That's good advice for any one, all I'm saying with the Al D thing is that some people need/want to practice endlessly where others barely practice at all. Take the late great Frank Zappa who was completely self taught and by the time we was doing his real work he didn't practice at all. That blows my mind because he was fucking amazing.
It's funny when you say you do your main practice right before a gig or recording. I've always done that too, for the same reason. Practicing for the sake of practice ALWAYS takes the fun out of it for me too. I try to stay loose when recording because I'm always under the gun $ wise, so that gives me good motivation to "get it" in one take if possible. If it stays fun I have good luck.
I've always listened to a wide variety of music and try to play with other folks as often as possible in a jam setting where you just go around in a circle and everybody takes turns playing a song at a time. Nobody in the circle has to know your song, but you have to know it well enough to lead it. The last "jam practice" I went to, there were 6 people and we played music for 6 hours straight with just a little wine,goodies and bathroom breaks. It keeps your brain ticking and your fingers limber if sore at the end:)
When I was reading Bobbie Riviere's reply, it was like breath of fresh air to hear somebody admit that ya gotta SLOW DOWN to speed up. I wish I had a nickel for every begining musician I've played with that hasn't gotten past being more consumed with speed over accuracy. GOOD TIMING IS EVERYTHING.
Speaking of which, I suggest you listen to two very different songs. If you're not completely prejudiced against mainstream country, listen to Brad Paisley's Baby you are the World. It's played fast and clean. Every guitar note in each riff is right on the money. I like the bass line too. Then go listen to Stevie Ray V. play Wall of Denial. Just listening to his lead in intro makes chills go down my spine! Doug, if you're reading this.....I'm afraid I HAVE to learn that song for our upcoming gig, so get practicing:)
It helps to have a regular teacher and practice what he or
she tells you to.
Well as you might, suspect a classical guitarist like myself spends tons of time in practice mode. Over the years I have developed many ways to achieve the desired effect.
For example; when confronted with a super hard chord I will play the chord once, let it die away while I take a deep breath, exhale, play it again. After repeating that about eight or ten times, I feel the tension in the left hand start to ease up and my reach has more extension. Yoga like. This increases my odds of nailing the chord when played in context at tempo, but even more important, playing it in tune.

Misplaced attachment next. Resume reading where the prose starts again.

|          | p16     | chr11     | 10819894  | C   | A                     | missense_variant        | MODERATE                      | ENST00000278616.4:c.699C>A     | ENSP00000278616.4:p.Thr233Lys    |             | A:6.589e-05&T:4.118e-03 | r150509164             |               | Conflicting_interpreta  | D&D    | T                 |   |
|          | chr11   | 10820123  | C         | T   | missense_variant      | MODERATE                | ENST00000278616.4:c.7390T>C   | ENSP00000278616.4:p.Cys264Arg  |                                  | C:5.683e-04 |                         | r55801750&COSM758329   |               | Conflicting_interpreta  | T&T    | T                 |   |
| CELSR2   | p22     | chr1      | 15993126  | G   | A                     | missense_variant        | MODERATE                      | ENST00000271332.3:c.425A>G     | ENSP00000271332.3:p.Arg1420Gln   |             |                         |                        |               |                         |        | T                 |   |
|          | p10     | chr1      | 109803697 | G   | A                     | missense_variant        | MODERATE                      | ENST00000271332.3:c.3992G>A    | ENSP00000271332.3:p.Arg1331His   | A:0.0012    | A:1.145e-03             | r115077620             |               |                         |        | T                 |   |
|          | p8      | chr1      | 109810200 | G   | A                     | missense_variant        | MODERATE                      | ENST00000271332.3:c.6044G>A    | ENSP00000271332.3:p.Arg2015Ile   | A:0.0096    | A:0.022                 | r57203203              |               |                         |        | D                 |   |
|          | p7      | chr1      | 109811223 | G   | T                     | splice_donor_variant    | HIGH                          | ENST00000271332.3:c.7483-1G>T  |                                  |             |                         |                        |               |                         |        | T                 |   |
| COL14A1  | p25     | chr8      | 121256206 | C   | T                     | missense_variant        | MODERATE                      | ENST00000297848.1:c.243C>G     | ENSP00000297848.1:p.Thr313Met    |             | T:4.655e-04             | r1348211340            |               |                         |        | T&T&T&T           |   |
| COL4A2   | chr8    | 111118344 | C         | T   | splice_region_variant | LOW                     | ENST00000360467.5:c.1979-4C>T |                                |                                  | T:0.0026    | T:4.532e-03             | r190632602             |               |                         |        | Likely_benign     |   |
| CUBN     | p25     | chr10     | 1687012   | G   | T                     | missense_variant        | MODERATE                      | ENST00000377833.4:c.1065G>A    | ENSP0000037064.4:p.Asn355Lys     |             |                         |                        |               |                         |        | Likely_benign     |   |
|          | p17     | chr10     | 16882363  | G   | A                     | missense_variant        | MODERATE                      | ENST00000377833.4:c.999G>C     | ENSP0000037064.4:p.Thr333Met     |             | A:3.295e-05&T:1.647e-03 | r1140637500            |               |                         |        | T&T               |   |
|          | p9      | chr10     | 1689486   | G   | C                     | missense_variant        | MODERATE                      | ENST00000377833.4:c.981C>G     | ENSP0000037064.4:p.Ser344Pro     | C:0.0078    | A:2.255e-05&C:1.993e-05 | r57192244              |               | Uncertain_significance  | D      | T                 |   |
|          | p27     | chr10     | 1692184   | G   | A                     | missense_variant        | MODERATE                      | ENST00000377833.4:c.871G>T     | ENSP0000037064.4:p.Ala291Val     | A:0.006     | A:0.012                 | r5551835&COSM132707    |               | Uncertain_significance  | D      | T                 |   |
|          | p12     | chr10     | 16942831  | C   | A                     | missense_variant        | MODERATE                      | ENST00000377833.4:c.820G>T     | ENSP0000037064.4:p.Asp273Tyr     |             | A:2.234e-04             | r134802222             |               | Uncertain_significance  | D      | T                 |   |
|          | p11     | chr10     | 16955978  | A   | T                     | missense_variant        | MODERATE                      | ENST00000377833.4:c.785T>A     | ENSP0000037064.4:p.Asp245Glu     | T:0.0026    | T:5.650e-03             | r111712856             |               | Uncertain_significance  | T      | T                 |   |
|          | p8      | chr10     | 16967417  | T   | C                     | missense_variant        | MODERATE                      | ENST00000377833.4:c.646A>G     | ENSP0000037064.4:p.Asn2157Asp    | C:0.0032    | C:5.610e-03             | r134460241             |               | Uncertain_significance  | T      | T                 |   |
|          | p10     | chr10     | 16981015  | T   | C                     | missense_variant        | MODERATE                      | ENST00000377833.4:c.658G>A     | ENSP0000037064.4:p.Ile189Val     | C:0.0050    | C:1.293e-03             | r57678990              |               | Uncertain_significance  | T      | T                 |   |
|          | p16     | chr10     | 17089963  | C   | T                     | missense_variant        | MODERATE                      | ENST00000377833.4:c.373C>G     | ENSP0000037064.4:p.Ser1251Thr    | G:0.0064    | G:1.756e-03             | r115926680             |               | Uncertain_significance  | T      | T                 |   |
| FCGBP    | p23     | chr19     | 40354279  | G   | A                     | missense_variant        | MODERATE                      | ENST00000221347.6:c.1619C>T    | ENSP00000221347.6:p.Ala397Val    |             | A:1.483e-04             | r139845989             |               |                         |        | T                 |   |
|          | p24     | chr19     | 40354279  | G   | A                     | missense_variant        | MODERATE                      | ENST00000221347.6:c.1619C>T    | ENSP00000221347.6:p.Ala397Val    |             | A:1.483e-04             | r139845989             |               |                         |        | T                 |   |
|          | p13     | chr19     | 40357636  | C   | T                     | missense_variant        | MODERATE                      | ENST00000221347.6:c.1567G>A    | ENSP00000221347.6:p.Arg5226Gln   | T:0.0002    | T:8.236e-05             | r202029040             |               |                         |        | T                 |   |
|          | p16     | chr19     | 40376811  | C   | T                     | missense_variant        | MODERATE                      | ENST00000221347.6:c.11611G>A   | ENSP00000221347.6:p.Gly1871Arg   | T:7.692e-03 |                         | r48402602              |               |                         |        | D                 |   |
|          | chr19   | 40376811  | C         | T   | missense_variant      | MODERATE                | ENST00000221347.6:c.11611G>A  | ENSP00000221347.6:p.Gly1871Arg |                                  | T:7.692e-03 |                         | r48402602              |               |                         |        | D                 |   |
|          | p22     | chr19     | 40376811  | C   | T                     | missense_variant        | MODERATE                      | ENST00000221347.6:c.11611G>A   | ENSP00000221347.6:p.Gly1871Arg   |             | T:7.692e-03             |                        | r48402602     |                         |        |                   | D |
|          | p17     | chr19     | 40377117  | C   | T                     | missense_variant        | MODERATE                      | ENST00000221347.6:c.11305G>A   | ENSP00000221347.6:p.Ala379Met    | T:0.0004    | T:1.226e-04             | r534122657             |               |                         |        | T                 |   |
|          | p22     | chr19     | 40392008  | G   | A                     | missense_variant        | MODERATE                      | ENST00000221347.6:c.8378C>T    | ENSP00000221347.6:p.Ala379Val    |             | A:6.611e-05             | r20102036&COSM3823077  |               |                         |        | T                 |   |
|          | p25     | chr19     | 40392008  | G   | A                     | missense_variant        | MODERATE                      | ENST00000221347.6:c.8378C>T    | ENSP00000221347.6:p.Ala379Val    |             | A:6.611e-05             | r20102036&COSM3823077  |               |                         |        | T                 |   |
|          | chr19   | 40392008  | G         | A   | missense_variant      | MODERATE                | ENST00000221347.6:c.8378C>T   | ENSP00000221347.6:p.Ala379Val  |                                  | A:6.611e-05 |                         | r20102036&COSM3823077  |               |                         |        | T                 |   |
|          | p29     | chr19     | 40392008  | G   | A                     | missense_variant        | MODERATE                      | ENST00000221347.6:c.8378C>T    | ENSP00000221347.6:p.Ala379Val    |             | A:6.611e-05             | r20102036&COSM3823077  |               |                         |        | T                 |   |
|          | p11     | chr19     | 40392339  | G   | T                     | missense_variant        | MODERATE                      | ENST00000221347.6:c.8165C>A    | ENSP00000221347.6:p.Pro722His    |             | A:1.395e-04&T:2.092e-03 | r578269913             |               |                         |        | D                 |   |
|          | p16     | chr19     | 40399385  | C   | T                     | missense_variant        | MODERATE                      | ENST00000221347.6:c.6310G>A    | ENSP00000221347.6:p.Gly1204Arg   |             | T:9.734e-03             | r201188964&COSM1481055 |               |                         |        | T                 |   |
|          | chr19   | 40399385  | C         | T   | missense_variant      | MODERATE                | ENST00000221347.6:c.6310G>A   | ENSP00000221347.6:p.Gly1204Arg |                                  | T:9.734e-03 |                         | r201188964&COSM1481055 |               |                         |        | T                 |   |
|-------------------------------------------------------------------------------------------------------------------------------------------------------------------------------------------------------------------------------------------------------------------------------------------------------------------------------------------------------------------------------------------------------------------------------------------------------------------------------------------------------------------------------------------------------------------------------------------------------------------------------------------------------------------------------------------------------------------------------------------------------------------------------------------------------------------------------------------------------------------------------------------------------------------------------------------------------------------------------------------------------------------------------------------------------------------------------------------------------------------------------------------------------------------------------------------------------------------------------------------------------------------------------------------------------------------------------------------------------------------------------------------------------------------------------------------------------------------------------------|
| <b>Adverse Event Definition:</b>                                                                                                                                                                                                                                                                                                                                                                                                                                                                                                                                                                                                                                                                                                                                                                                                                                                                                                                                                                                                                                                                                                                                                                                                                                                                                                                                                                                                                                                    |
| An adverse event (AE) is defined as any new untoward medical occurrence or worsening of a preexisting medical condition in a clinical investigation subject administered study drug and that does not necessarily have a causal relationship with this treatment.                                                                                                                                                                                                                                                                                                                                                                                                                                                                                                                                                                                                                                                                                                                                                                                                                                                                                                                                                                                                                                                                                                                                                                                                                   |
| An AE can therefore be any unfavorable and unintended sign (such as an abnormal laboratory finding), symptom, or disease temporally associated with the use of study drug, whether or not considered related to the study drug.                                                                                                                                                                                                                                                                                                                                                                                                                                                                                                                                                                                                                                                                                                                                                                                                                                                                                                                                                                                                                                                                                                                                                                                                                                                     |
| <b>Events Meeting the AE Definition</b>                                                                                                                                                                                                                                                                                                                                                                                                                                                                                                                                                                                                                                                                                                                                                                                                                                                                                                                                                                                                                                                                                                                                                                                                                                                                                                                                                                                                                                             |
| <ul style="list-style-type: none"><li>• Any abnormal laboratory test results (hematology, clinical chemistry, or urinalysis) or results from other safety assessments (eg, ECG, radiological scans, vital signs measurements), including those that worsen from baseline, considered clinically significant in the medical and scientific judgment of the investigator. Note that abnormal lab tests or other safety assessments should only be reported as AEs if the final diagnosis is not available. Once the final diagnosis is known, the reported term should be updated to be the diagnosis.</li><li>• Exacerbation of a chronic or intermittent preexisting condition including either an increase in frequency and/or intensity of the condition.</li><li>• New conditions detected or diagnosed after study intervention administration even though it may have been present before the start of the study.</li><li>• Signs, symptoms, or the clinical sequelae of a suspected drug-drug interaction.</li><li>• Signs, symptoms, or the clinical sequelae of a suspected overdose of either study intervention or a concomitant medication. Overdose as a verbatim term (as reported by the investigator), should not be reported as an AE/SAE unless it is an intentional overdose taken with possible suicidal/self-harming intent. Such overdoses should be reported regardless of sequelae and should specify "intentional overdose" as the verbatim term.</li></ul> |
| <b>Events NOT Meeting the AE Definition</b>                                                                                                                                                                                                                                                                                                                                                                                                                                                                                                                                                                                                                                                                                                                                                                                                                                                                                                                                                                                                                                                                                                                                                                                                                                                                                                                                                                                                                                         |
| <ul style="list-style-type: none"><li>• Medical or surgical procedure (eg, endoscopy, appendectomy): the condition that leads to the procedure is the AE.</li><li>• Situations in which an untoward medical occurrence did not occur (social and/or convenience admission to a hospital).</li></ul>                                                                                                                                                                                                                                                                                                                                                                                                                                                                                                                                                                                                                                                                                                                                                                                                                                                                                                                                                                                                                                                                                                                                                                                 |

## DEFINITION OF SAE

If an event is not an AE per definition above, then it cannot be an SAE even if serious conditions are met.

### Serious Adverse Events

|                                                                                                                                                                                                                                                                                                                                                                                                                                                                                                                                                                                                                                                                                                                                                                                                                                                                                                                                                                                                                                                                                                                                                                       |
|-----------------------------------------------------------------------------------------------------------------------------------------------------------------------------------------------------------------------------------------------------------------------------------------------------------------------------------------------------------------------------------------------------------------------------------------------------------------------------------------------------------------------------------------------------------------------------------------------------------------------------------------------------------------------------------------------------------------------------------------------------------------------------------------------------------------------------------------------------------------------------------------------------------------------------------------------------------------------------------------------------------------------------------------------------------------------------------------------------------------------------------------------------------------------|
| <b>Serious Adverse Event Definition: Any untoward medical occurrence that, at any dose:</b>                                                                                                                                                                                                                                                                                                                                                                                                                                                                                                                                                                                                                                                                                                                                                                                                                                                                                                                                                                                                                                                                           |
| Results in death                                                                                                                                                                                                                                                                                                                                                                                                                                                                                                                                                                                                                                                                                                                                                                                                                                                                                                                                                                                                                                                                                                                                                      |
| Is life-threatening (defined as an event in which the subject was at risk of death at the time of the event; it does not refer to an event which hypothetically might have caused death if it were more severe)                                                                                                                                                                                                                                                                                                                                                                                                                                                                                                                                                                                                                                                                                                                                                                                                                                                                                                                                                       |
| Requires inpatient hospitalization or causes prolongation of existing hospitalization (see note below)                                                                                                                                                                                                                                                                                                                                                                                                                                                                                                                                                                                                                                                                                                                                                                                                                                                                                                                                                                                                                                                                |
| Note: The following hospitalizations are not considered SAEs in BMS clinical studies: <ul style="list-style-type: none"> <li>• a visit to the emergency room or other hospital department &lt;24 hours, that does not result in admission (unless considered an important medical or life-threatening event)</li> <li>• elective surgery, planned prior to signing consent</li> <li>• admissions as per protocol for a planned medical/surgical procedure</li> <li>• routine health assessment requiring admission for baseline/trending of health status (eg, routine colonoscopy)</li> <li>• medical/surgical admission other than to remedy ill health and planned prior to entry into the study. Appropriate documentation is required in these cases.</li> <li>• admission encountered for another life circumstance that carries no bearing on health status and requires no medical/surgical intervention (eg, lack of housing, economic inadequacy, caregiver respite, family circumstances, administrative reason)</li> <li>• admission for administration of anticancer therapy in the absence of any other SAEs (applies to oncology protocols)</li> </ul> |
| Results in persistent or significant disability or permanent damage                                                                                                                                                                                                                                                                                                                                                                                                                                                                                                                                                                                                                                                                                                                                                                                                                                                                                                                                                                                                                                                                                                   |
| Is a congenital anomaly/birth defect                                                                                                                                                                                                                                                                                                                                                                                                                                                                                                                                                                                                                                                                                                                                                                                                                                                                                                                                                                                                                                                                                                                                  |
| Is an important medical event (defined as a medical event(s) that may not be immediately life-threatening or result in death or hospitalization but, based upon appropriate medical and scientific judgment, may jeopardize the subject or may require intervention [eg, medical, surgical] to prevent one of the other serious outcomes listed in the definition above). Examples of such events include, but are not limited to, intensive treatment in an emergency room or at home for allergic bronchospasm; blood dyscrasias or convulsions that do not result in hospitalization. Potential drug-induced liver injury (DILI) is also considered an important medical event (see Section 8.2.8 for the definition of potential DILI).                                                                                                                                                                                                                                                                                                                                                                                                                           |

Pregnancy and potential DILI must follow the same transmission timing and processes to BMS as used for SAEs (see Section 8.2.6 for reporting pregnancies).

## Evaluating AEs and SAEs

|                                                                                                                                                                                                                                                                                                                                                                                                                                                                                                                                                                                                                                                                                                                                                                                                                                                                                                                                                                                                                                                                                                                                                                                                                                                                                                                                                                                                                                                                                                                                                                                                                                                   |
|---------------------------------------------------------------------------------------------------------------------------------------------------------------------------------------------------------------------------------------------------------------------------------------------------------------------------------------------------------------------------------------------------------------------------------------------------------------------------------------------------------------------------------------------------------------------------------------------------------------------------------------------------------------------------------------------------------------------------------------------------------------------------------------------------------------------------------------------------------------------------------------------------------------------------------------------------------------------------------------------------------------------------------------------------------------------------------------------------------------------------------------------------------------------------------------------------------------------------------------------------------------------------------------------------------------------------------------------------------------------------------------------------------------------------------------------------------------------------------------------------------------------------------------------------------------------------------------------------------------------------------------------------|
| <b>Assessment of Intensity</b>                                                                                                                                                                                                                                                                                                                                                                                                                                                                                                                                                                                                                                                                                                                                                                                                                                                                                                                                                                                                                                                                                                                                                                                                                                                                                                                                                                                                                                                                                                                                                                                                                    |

If people heard me practice they would be surprised at how I crawl through sections super slow. Over and over. I loosely keep a score-card in my head about how many times were perfect and how many times were misses. Everything unintended is counted as a miss on my score-card.. NO CHEATING! I can't afford to be practicing my mistakes, or else I might get good at them. I don't nudge up the tempo until I get it wright several times. Classical guitar soloists spend 80% or more of their time maintaining repertoire, so this all applies to pieces I have performed hundreds of times for many years. My mentor Chris Parkening once told me that in fact it's the older pieces that give him the most trouble. Now that I think about it, I rarely play through a piece all the way in practice unless I want to get a sense of it's architecture, and the way one part relates to another.
Practicing is where it all happens; not in concerts or recordings. It's in practice that I have my break-through moments, where I really find out what the guitar and I are capable of. It feels like I could go on forever talking about practice habits and psychology, but I will sum it by saying that I can imaging myself never recording another CD, or performing another concert, or teaching, but I would never give up practicing.
Amen! Great pointers Stuart, thank you for the input!
I just copied this and put it on my fridge. EXCELLENT tips. Thanks man.